Monday, January 24, 2011

Would Harper prorogue Parliament again to stop NDP-Liberal coalition after 2011/12 election?

Reading Chantal Hebert's article today in the Star got me thinking about an important question that I have not yet heard asked of Prime Minister Stephen Harper: if a coalition agreement between the NDP and Liberals is inevitable if his Conservatives fail to win a majority government in the next campaign, would he pull the same trick and prorogue Parliament again like he did in 2008?

Harper's incessant warnings about the coalition boogeyman have become increasingly annoying, particularly to the many Canadians who understand that such arrangements are completely fair and democratic. Most countries in Europe are frequently governed by coalitions between parties, including Great Britain at the moment.

It's now clear that the Harper Tories intend to make stopping a Liberal-NDP coalition a centrepiece of their next campaign, arguing that only a Tory majority can stop it from happening.

But history proves Harper a liar. In 2008, when just such a coalition was proposed, Harper stopped it in its tracks by demanding the Governor General prorogue parliament. After much over-the-top, anti-separatist rhetoric, Harper turned around public opinion against the proposed coalition and lived to fight another day (two more years at least, in fact.)

I hope every journalist and political reporter asks Harper point blank the next time he makes his anti-coalition warning in the upcoming federal campaign: if the Tories fail to win a majority and this alleged NDP-Liberal coalition starts to take shape, why wouldn't he just shut down Parliament again as he did in 2008 to stop it? If shutting the people's parliament was good enough in 2008 to stop the socialist-separatist-Liberal coalition, why wouldn't it also be good enough in 2011 or 2012?


doconnor said...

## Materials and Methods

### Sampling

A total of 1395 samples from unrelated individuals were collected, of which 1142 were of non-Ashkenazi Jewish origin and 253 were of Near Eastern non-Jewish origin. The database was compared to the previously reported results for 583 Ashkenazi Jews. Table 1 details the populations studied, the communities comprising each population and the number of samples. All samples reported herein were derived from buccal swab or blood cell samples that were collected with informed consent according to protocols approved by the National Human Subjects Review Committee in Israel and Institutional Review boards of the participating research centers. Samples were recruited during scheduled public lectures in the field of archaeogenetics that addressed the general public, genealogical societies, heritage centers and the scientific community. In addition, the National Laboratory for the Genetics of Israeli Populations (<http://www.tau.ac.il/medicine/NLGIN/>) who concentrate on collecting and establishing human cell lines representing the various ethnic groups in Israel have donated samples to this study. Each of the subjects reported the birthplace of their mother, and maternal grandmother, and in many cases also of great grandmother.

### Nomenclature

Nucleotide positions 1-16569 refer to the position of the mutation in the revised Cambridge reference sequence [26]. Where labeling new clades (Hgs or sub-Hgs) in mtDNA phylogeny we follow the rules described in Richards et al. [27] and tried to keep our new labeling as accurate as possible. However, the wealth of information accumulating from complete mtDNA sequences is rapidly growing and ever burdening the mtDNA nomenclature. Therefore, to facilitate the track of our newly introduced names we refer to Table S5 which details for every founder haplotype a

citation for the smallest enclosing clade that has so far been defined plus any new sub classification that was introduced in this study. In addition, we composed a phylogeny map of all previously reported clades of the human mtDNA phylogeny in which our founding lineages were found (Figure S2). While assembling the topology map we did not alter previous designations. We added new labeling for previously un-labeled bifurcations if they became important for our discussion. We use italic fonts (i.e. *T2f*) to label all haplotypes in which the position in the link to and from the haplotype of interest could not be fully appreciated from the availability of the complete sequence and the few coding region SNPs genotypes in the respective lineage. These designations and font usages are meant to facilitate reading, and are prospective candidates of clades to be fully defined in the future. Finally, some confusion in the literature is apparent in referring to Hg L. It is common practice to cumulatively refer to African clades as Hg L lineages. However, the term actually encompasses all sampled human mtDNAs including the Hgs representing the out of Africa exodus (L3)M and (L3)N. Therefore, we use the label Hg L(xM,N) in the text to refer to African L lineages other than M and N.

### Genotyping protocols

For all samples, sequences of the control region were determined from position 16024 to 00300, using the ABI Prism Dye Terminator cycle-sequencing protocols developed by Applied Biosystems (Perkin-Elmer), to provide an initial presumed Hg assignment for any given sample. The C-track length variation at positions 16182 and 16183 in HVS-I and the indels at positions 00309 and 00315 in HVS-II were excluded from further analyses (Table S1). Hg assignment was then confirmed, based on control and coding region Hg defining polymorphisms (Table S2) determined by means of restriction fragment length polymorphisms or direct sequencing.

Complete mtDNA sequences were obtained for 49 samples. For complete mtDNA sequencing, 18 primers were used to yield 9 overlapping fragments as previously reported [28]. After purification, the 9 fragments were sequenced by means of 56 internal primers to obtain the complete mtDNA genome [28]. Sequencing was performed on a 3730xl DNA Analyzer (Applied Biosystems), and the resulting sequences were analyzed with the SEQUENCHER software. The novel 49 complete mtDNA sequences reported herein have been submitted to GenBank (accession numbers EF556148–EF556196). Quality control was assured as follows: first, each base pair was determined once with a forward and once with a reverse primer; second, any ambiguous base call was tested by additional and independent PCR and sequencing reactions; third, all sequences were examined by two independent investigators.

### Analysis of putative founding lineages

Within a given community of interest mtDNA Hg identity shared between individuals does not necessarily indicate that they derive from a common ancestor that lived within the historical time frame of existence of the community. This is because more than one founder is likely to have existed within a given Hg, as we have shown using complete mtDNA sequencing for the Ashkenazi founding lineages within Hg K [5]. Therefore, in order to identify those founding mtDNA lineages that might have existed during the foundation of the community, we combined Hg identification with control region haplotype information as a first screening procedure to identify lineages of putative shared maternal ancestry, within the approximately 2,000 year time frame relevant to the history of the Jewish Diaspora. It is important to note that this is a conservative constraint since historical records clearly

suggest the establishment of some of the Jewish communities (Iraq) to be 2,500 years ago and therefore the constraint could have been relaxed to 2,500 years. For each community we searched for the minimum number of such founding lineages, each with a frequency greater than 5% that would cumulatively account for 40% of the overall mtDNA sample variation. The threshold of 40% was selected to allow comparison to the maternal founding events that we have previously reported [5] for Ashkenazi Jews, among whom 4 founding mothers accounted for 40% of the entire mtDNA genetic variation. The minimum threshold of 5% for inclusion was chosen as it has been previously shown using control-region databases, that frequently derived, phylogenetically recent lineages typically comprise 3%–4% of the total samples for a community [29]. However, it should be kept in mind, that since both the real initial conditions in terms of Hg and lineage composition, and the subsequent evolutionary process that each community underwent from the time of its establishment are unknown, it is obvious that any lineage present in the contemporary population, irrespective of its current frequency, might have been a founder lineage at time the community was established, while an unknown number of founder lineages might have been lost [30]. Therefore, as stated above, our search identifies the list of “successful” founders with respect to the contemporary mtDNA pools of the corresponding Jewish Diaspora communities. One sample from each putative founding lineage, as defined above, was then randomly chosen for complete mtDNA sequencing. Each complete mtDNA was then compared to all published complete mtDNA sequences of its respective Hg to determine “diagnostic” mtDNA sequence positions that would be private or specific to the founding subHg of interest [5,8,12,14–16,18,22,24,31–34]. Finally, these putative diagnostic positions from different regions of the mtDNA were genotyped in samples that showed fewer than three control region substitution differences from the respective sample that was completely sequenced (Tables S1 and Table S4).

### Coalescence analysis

During and after an election parliament is essentially in a state of prorogation. It's up to the Prime Minister (via the Governor General) to decide when restart it.

Normally, if a governing party loses their majority to someone else, the Prime Minister voluntarily resigns and the leader of the newly elected party takes over without Parliament being involved.

In a minority, things aren't that simple.

If ab election, Harper could delay that for months by not starting Parliament. It would universally condemned as undemocratic, but I wouldn't put it past him.

When he did start Parliament, he would automatically face an unavoidable confidence vote on the Speech From the Throne. That is the traditional time to replace minority governments.

Glenn said...

You have the Liberals and the NDP. But you forgot to mention a party in that coalition in your title.

Matt Guerin said...

All the parties that agreed to form a coalition in 2008 are in my headline. Any other suggestion is revisionist history.

doconnor said...

After the next election, perhaps the Liberals and the NDP will have enough seat to form a majority without the Bloc.

Ian said...

I think doconnor hit it on the first post, however if the Lib+NDP seat total after the election is greater than the Cons, they could theoretically put forward another accord like was signed in 2008 and give it to the GG before a throne speech, in which case he could technically grant the coalition the government. I think this is how it happened in Britain after their last election. It took a couple weeks, but they didn't have a throne speech from the recently defeated Labour party. Although in that case the Tories may have had more seats than Labour (I don't recall and am too lazy to check).

doconnor said...

The Lib+NDP vote would have to make up a majority for them to from a government without the support of another party, not just be more then the Conservatives.

For what happened in Britian to happen here would require Harper the voluntairly resign. I think he would force the opposition to have a confidence vote, which he would delay as long as he could get away with.

A Strange Boy said...

Never overestimate Harper's integrity. Of course he will try to clutch onto power by any means possible.